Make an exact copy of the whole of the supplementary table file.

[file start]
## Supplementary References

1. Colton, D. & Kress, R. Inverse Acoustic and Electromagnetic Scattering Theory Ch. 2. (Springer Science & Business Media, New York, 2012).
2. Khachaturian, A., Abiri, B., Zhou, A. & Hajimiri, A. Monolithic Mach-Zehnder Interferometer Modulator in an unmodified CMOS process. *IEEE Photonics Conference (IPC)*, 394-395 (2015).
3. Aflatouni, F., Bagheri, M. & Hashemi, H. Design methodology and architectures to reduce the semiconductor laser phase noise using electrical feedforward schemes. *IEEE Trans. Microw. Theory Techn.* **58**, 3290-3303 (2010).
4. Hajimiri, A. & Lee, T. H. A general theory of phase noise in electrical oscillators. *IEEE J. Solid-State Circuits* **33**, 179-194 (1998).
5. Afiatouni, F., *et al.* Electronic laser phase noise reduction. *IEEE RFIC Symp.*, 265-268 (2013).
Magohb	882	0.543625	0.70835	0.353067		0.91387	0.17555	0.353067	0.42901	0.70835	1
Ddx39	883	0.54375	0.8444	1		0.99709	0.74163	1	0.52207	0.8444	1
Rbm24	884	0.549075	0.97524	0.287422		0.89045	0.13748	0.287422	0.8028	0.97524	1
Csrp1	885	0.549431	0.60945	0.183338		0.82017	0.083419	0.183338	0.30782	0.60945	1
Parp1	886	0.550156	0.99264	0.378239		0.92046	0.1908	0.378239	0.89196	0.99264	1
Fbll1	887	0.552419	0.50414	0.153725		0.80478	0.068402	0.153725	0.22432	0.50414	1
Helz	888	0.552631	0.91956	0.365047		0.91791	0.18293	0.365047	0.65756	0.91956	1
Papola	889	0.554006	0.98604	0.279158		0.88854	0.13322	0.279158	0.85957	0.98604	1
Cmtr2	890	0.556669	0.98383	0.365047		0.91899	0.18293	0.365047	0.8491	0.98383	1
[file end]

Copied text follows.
## Supplementary References

1. Colton, D. & Kress, R. Inverse Acoustic and Electromagnetic Scattering Theory Ch. 2. (Springer Science & Business Media, New York, 2012).
2. Khachaturian, A., Abiri, B., Zhou, A. & Hajimiri, A. Monolithic Mach-Zehnder Interferometer Modulator in an unmodified CMOS process. *IEEE Photonics Conference (IPC)*, 394-395 (2015).
3. Aflatouni, F., Bagheri, M. & Hashemi, H. Design methodology and architectures to reduce the semiconductor laser phase noise using electrical feedforward schemes. *IEEE Trans. Microw. Theory Techn.* **58**, 3290-3303 (2010).
4. Hajimiri, A. & Lee, T. H. A general theory of phase noise in electrical oscillators. *IEEE J. Solid-State Circuits* **33**, 179-194 (1998).
5. Afiatouni, F., *et al.* Electronic laser phase noise reduction. *IEEE RFIC Symp.*, 265-268 (2013).
Magohb	882	0.543625	0.70835	0.353067		0.91387	0.17555	0.353067	0.42901	0.70835	1
Ddx39	883	0.54375	0.8444	1		0.99709	0.74163	1	0.52207	0.8444	1
Rbm24	884	0.549075	0.97524	0.287422		0.89045	0.13748	0.287422	0.8028	0.97524	1
Csrp1	885	0.549431	0.60945	0.183338		0.82017	0.083419	0.183338	0.30782	0.60945	1
Parp1	886	0.550156	0.99264	0.378239		0.92046	0.1908	0.378239	0.89196	0.99264	1
Fbll1	887	0.552419	0.50414	0.153725		0.80478	0.068402	0.153725	0.22432	0.50414	1
Helz	888	0.552631	0.91956	0.365047		0.91791	0.18293	0.365047	0.65756	0.91956	1
Papola	889	0.554006	0.98604	0.279158		0.88854	0.13322	0.279158	0.85957	0.98604	1
Cmtr2	890	0.556669	0.98383	0.365047		0.91899	0.18293	0.365047	0.8491	0.98383	1